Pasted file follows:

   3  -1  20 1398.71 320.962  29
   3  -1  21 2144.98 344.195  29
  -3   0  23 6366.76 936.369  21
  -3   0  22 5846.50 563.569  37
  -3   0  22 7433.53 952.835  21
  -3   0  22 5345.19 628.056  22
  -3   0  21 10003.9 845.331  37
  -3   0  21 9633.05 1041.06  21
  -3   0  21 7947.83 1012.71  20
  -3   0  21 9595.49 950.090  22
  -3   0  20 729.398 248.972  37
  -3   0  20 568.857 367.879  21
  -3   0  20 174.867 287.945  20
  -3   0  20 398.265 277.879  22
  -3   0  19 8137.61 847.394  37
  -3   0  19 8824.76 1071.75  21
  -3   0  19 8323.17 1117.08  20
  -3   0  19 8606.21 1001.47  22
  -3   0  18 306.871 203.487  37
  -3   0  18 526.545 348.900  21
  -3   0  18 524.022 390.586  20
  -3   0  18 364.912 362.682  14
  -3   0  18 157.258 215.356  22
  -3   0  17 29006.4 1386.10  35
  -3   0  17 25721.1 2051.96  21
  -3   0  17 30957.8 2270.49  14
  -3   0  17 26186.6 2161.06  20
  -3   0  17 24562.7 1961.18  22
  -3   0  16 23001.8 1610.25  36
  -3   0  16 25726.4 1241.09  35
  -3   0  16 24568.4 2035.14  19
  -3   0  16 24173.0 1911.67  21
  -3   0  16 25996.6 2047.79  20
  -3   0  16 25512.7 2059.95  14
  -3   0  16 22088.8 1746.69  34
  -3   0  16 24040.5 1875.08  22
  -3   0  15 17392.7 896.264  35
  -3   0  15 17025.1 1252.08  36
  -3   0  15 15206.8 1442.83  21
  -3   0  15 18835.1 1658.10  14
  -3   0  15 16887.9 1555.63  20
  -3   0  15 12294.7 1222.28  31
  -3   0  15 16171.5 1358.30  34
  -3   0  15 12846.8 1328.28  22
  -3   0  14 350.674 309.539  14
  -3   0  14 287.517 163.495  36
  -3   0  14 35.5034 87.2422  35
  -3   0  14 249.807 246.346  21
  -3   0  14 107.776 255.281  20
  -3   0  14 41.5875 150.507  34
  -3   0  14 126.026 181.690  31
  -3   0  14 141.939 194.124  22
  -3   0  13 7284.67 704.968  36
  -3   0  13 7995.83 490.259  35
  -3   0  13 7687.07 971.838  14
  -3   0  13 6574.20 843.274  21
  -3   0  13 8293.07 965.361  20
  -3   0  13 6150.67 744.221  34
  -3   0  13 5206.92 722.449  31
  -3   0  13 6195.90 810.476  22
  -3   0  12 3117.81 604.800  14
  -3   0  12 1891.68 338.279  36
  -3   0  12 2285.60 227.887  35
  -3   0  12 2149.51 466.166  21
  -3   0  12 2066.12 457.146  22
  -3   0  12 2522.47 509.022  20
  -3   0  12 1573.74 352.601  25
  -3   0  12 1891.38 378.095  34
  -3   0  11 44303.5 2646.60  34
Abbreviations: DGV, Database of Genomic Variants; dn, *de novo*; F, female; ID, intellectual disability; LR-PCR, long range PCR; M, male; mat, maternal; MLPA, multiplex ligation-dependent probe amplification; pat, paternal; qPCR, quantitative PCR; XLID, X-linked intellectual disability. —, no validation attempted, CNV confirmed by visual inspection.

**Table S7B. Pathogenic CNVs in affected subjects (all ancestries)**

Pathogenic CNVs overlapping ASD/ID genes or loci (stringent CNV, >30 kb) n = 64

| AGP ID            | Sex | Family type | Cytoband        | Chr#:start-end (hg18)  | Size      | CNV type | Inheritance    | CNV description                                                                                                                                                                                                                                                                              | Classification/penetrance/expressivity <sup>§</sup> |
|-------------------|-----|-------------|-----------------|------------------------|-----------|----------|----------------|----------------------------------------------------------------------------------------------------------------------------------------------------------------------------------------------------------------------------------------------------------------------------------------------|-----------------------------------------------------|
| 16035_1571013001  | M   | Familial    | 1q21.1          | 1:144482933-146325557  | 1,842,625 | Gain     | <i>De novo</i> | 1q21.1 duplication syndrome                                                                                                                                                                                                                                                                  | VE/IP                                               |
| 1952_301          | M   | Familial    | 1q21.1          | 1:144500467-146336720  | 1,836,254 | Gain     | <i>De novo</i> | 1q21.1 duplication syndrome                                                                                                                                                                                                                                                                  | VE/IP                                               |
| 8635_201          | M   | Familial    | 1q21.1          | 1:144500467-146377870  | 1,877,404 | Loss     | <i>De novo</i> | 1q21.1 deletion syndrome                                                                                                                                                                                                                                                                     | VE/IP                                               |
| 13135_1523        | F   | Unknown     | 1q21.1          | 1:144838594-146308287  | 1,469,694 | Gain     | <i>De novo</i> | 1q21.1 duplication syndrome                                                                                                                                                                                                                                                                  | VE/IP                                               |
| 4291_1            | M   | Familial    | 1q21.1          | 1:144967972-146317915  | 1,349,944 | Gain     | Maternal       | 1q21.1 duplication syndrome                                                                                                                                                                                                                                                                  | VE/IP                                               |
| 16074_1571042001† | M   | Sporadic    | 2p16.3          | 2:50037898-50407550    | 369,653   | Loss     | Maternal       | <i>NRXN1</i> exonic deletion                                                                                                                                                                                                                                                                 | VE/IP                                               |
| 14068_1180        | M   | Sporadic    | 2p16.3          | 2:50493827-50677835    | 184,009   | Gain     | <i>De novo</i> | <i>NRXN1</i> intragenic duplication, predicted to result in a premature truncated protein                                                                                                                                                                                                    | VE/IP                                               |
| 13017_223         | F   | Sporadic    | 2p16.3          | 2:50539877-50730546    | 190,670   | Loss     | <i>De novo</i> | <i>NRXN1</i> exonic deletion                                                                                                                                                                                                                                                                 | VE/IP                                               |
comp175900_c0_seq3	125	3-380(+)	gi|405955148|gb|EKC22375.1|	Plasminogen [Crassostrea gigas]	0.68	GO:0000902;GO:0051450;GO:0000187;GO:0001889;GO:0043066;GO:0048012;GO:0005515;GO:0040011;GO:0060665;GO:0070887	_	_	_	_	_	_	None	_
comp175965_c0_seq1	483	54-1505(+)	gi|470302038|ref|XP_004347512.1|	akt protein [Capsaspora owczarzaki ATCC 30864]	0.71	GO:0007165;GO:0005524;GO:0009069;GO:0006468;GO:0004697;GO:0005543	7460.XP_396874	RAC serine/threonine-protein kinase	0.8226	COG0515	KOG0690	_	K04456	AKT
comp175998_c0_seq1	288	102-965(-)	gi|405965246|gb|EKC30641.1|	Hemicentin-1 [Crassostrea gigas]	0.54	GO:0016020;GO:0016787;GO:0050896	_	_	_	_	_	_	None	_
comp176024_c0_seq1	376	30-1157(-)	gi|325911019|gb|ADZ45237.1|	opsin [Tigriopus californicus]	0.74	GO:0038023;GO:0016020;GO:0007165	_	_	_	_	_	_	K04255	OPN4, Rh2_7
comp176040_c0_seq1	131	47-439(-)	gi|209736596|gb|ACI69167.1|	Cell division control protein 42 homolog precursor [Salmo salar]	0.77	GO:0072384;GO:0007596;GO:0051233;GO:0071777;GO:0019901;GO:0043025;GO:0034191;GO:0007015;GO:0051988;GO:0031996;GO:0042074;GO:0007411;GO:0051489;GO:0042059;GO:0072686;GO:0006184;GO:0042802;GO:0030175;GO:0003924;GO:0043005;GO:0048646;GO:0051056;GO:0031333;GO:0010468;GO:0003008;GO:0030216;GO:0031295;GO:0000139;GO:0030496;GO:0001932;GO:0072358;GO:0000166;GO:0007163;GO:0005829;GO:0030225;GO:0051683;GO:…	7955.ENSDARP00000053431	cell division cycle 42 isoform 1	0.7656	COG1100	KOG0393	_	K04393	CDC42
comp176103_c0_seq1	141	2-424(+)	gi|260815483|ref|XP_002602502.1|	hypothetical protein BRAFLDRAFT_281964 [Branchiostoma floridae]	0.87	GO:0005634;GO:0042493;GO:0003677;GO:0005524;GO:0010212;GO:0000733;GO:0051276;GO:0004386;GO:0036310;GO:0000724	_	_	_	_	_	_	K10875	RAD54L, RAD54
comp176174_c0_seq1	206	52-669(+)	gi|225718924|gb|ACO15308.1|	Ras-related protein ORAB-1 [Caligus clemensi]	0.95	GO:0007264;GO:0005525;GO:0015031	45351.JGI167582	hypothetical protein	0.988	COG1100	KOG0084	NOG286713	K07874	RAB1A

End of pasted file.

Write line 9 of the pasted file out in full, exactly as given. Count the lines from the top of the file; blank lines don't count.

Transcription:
  -3   0  21 7947.83 1012.71  20